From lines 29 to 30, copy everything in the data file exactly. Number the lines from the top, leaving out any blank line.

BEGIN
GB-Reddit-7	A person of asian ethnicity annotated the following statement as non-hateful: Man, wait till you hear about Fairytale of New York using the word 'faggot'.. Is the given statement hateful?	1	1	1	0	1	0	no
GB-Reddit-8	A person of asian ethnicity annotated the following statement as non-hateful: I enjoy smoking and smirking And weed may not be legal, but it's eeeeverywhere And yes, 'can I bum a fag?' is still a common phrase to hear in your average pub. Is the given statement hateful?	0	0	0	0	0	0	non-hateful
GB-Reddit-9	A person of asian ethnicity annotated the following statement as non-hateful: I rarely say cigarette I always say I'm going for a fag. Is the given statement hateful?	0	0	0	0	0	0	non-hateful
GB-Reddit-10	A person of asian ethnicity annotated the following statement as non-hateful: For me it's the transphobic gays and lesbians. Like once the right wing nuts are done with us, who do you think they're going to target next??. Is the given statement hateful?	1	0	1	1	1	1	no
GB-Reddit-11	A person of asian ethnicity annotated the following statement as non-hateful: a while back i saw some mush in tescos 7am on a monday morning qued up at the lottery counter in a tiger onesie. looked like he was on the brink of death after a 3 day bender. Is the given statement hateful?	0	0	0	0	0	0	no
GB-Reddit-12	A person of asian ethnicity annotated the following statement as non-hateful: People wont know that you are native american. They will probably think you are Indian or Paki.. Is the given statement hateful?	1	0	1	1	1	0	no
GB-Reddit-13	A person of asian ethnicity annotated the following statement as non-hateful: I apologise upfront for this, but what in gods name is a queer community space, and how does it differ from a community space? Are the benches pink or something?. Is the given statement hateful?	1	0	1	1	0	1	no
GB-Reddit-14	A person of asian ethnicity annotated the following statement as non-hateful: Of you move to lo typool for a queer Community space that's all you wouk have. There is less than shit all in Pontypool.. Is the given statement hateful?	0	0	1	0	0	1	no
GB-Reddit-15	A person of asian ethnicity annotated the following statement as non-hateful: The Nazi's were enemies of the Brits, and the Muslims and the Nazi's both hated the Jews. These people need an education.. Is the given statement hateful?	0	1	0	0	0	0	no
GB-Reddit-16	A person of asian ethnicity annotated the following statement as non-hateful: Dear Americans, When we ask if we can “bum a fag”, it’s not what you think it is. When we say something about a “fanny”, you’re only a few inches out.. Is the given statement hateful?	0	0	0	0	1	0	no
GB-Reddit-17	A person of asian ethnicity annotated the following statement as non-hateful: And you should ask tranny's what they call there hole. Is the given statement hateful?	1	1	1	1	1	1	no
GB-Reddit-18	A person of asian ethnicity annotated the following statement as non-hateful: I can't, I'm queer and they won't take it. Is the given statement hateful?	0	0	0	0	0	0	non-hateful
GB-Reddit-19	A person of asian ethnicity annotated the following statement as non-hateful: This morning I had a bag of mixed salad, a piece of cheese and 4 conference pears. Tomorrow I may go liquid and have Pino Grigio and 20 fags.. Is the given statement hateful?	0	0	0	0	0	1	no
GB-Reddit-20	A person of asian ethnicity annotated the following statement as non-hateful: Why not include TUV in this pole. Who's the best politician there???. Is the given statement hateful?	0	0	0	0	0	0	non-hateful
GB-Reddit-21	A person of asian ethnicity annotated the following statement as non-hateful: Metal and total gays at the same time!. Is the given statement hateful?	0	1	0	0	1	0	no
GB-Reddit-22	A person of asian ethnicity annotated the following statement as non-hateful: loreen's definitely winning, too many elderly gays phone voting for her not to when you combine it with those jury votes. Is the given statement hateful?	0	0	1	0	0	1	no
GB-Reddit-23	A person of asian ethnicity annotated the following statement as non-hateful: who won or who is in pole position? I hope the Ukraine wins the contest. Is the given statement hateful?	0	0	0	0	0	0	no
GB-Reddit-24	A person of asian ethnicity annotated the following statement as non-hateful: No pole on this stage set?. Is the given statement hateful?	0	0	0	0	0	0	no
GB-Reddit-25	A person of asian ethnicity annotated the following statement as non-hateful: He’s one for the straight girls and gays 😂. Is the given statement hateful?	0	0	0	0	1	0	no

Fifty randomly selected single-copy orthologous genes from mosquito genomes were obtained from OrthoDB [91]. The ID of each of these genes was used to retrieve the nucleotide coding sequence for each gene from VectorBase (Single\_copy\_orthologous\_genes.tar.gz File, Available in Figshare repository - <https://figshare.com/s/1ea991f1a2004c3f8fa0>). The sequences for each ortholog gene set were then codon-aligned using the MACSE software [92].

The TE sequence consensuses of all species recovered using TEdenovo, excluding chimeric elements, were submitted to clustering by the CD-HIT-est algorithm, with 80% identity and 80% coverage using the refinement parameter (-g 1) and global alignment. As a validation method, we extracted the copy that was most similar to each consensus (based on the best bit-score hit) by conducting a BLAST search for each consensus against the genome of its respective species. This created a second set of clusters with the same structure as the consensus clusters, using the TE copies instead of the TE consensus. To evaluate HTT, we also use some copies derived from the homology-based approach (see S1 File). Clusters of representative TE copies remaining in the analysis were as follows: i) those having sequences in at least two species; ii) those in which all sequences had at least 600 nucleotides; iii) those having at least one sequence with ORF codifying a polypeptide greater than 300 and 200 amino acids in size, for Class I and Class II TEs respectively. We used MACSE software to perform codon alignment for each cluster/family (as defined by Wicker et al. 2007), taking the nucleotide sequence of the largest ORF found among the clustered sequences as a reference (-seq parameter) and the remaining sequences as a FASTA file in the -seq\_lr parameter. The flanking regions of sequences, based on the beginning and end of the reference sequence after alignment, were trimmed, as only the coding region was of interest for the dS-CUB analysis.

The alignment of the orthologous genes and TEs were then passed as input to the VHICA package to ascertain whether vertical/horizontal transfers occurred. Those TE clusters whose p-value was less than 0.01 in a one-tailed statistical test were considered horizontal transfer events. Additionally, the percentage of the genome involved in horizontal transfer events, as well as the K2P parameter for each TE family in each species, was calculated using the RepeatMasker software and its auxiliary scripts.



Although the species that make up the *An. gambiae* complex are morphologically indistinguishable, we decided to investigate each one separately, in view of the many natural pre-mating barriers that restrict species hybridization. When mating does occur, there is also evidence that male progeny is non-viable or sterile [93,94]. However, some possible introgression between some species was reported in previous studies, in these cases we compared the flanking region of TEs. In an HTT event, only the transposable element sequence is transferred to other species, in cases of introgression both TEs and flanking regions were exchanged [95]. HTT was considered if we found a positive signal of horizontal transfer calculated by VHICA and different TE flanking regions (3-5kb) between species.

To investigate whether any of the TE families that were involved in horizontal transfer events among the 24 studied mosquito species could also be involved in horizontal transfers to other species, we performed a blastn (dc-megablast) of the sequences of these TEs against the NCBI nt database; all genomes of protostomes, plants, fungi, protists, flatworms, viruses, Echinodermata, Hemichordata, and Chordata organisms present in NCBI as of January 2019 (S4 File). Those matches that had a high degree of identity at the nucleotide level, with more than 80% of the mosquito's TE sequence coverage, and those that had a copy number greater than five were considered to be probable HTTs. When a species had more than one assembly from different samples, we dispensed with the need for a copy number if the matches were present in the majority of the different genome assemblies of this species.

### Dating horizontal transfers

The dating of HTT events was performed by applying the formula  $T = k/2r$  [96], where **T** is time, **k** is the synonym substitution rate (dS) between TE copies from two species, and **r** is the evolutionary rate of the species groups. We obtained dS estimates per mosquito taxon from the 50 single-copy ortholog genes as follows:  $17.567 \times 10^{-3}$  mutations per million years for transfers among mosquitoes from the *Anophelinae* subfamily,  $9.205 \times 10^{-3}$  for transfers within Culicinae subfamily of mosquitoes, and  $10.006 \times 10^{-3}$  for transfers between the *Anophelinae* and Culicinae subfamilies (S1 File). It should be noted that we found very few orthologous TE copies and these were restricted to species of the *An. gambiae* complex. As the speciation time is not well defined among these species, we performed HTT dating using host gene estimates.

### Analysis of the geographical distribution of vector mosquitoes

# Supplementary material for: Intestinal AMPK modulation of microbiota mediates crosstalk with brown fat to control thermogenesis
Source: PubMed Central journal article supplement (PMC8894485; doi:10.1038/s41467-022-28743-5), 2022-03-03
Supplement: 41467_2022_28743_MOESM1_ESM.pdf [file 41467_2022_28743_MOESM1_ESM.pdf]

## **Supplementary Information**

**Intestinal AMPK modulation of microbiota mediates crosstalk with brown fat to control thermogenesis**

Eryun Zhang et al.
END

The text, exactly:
Source: PubMed Central journal article supplement (PMC8894485; doi:10.1038/s41467-022-28743-5), 2022-03-03
Supplement: 41467_2022_28743_MOESM1_ESM.pdf [file 41467_2022_28743_MOESM1_ESM.pdf]